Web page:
The Privacy Protection Act of 1980 was intended to keep the
police from shutting down newpapers and killing stories by
journalists under the pretense of searching for evidence.
Janet Reno wants to change that.
Let's say the police get a search warrant for your computer because they think
you've got kiddie porn on your hard drive, or you've written e-mail that may be
pertinent to a crime, or the IRS suspects you've cheated on your taxes. The
police can sieze your computer and make a copy of the all files on it. They
don't have to hurry to make that copy either. If they bring charges against you,
your computer and its files are evidence which doesn't have to be returned until
after your trial, if ever.
Let's say you're also a journalist who's writing a story about a corrupt local
police department, or you've been exposing abuses of the IRS, or you've been
publishing stories about a Senator's taste in prostitutes. Is the purpose of the
warrant really to search for evidence of a crime, or is the purpose to silence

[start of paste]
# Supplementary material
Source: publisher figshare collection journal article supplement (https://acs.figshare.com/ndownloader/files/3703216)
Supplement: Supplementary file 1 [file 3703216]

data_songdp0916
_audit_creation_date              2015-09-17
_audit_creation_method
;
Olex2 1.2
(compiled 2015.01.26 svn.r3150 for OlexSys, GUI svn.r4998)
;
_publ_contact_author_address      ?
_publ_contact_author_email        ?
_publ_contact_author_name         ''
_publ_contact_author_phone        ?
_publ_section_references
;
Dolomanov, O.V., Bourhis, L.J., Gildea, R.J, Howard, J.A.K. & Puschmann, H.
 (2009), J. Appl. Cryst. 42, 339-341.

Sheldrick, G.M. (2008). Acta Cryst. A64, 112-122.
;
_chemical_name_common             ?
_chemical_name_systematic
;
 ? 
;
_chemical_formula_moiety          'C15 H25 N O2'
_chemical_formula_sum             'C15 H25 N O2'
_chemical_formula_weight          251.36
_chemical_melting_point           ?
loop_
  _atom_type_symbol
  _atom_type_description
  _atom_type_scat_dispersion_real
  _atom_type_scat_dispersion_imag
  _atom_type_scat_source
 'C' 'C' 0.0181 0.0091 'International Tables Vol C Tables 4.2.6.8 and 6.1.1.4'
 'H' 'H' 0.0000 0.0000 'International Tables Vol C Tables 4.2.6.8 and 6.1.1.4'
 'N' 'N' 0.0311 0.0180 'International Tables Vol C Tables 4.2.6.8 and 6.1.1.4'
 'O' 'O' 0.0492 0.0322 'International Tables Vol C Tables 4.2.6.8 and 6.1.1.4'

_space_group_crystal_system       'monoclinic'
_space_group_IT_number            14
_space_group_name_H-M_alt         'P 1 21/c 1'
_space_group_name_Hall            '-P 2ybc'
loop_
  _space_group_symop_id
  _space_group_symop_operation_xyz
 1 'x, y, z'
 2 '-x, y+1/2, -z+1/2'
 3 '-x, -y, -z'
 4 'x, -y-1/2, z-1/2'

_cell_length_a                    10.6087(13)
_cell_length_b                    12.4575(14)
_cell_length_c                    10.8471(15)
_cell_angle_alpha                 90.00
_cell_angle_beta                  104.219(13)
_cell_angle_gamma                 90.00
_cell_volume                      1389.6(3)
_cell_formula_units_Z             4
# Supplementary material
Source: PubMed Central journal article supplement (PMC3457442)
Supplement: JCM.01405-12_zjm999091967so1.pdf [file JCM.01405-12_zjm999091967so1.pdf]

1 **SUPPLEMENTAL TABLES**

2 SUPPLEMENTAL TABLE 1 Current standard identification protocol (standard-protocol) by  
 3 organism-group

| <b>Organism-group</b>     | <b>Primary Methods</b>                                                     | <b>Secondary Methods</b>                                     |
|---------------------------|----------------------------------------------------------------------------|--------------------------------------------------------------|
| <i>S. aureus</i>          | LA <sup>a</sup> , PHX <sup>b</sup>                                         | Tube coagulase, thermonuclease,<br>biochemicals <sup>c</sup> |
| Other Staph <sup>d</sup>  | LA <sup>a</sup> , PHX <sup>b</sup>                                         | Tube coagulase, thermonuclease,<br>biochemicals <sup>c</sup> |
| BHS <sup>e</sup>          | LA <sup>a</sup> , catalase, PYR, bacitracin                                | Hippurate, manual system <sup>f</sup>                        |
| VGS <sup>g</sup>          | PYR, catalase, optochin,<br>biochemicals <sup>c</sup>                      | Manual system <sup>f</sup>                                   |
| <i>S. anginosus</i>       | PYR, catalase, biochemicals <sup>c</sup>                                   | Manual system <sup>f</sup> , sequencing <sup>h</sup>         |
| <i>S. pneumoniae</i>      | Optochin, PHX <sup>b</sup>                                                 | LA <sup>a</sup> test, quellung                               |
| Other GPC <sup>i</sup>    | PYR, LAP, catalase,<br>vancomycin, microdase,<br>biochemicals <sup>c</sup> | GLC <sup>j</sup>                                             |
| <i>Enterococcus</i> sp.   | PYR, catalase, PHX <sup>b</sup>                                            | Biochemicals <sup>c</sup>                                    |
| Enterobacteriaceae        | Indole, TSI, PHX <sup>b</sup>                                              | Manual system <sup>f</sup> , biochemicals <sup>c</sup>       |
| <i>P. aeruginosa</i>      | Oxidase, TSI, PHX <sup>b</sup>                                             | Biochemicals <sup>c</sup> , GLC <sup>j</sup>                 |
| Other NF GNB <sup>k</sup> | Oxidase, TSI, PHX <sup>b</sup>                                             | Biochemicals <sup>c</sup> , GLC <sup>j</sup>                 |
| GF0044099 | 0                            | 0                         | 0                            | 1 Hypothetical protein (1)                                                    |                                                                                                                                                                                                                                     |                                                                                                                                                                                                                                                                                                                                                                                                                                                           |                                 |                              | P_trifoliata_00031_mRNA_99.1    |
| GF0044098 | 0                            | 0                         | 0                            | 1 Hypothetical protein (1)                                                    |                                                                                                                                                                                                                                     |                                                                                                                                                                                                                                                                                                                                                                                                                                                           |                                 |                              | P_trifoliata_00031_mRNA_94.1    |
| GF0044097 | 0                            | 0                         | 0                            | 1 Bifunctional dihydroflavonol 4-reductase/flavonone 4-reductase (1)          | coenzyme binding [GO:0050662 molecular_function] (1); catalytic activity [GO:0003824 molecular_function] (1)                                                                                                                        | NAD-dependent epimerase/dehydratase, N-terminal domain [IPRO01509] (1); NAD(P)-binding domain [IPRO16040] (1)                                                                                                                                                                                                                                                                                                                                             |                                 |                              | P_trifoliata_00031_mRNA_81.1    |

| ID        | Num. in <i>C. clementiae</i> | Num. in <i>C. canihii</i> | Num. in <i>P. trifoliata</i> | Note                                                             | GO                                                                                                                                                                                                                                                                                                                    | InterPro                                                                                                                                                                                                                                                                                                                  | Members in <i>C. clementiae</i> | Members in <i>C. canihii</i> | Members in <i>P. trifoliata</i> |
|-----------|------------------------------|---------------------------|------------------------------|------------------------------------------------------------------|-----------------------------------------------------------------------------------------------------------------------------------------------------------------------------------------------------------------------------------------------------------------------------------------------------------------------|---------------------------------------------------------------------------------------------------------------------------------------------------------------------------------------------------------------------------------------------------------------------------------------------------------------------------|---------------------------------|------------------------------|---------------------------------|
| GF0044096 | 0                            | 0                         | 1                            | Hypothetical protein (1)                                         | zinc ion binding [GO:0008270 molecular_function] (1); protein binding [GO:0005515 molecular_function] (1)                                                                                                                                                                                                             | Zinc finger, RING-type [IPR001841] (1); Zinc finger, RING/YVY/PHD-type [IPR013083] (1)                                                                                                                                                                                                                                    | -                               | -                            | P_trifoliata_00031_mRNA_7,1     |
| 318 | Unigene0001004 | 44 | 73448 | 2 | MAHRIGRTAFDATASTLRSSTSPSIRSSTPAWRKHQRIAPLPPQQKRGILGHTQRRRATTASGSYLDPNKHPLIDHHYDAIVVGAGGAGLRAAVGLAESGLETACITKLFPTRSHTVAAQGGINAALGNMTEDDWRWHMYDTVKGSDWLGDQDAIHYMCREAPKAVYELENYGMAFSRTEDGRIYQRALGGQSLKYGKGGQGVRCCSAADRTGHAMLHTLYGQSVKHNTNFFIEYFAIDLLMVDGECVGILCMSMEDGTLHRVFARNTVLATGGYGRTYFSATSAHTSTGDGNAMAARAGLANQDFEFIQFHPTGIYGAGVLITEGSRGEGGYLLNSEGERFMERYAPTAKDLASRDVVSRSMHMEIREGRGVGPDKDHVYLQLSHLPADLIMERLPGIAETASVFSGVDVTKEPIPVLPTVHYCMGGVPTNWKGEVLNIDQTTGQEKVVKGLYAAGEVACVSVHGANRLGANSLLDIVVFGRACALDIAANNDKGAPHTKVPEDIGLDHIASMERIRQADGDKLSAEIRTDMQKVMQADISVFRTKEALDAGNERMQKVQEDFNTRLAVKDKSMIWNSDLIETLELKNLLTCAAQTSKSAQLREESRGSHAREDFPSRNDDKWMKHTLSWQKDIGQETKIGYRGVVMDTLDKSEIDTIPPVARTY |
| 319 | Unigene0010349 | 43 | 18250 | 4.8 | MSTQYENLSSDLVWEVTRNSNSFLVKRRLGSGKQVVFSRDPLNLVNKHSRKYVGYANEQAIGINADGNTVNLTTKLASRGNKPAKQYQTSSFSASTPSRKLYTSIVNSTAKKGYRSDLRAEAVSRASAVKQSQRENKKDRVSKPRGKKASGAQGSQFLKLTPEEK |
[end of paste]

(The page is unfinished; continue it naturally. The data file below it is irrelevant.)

you, to keep the truth from reaching the public, to protect some politician's
indiscretions from the bright light of public scrutiny?
Part of what the Privacy Protection Act of 1980 was designed to do was to keep
abuses like this from happening. It basically states that if a computer and its
files are the subject of a search warrant, and the computer is used "with a
purpose to disseminate to the public a newspaper, book, broadcast, or other
similar form of public communication", then the police have certain restrictions
placed upon them. Namely, that they can't keep the author from getting work done
(they can't keep you and your computer apart from each other) and that they must
only retrieve and copy data that is pertinent to the warrant being served.
With the advent of the web and the popularity of home pages as a "form of
public communication", just about any computer could now fall into this
category. A good thing, right? Extend equal protection under the law to
everyone, make sure that people who are merely accused of a crime (not proven
guilty) can go on with their lives, and make sure that police don't fish through
all of your computer files looking at your entire life history while they're
investigating a possible crime. If there is evidence of wrongdoing, the police
can make copies of the evidence and go on their way, and make their case at your
Well, according to Janet Reno, allowing U.S. citizens to have this much privacy
is a Bad Thing. Now that these privacy protections apply to almost everyone's
computer, she wants to get rid of these protections altogether.
After all, if you're innocent, you have nothing to hide, right?